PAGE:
The Best Defense

Is the Army’s armor branch defunct?

Col. Gian Gentile, a West Point history professor and a leading critic of the Army's emphasis on counterinsurgency, says that the Army's tank and other armored vehicle branch is increasingly incompetent. He mentions that he has heard that there are staff sergeants in the armor branch "who have never qualified on a M1 Tank."

I disagree with Gentile a lot, but always find him provocative, and generally worth reading if a bit touchy. I've never understood why he thinks he is an expert on the Iraq war in 2006 because he was there, but thinks he somehow knows the war in 2007-08, which he didn't see. At any rate, one thing I would add to his article is that armor has a clear morale value for troops in a counterinsurgency campaign -- when they are in a bad fix, there is nothing like hearing an M1 clanking around the corner to help out. Also, I also remember reading that in the summer of 2006, Hezbollah light infantry without armor or aviation support stopped an Israeli tank column. So the question may be a bit more complex than Col. Gentile's take.   

Starbuck has a stronger response to Gentile's commentary, suggesting how it might get on the nerves of American soldiers who have been fighting recently in Afghanistan:

Listen up, everyone: we are no longer a fighting Army. To all you veterans of COP Keating and Wanat -- you must have been doing nothing else but touchy-feely tea parties and absolutely no combat whatsoever.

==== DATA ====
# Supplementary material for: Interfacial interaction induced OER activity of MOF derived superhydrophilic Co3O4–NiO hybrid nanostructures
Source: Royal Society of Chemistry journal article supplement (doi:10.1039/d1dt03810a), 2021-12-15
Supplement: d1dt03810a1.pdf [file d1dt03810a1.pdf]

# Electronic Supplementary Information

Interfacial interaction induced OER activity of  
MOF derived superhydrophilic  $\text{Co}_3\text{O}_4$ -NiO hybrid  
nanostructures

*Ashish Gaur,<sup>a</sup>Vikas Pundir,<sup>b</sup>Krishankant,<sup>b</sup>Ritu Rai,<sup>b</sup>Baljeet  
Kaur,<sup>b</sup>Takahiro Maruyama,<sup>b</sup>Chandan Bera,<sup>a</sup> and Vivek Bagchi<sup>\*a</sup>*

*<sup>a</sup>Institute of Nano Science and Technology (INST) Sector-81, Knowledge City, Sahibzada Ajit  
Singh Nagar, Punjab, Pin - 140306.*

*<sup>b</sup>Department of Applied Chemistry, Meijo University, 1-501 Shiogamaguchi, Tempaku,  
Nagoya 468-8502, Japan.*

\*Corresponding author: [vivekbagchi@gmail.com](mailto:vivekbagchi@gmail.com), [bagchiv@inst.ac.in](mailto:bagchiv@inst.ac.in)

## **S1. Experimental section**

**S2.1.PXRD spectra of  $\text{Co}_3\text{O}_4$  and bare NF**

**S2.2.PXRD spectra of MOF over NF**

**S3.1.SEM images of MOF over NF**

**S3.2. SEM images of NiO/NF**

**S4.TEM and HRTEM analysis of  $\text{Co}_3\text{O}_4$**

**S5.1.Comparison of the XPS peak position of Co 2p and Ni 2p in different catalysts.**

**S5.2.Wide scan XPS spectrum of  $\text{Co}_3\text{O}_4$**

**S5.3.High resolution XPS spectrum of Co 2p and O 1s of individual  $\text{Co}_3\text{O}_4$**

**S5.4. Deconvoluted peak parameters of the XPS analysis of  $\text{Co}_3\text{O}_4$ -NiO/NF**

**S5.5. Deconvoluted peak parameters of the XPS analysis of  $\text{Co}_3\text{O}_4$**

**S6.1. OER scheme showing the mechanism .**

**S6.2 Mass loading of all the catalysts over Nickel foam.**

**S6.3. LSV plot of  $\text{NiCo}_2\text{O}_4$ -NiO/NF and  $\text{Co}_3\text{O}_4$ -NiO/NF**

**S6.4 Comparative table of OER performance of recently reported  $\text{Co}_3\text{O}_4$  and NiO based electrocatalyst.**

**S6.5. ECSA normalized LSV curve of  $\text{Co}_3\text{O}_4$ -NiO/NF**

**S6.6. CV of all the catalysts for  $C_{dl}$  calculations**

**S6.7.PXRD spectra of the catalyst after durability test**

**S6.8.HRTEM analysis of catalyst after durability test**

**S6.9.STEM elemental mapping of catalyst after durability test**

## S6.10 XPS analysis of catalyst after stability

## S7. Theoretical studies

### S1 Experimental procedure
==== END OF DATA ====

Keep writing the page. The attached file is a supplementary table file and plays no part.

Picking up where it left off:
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The Best Defense

Listening to Turkey’s foreign minister: The Ottoman past looks like the future

By Daniel Kliman
Best Defense chief Turkish affairs correspondent

When Turkey's Foreign Minister, Ahmet Davutoglu, spoke at the Council on Foreign Relations one night last week, Iran dominated his remarks. He was emphatically opposed to more robust sanctions, arguing that instead what is needed is "diplomacy, diplomacy, diplomacy." Davutoglu also suggested that a glimmer of hope remains for negotiations with Iran, though he didn't provide any details. In the past, Turkey has served as a mediator between Iran and countries concerned about its nuclear program. Davutoglu played up Turkey's success in this role during his remarks. Could there be a Turkish initiative in the works? Stay tuned.

On Iraq, the FM was bullish. Calling Iraq a "mini-model of the Middle East," Davutoglu cast the recent elections there as a move away from sectarian politics. (Your mileage may vary, of course.)

Earlier this month, Turkey's Prime Minister Recep Erdogan hammered Israel, labeling it "the principal threat to peace in the region today." Davutoglu avoided such language.

Omission can be telling. Davutoglu was silent on Turkey's prospects for EU membership. Combined with his ambitious vision for a transformed Middle East, it was clear that Turkey sees its destiny unfolding to the east and south, in lands once under Ottoman rule.

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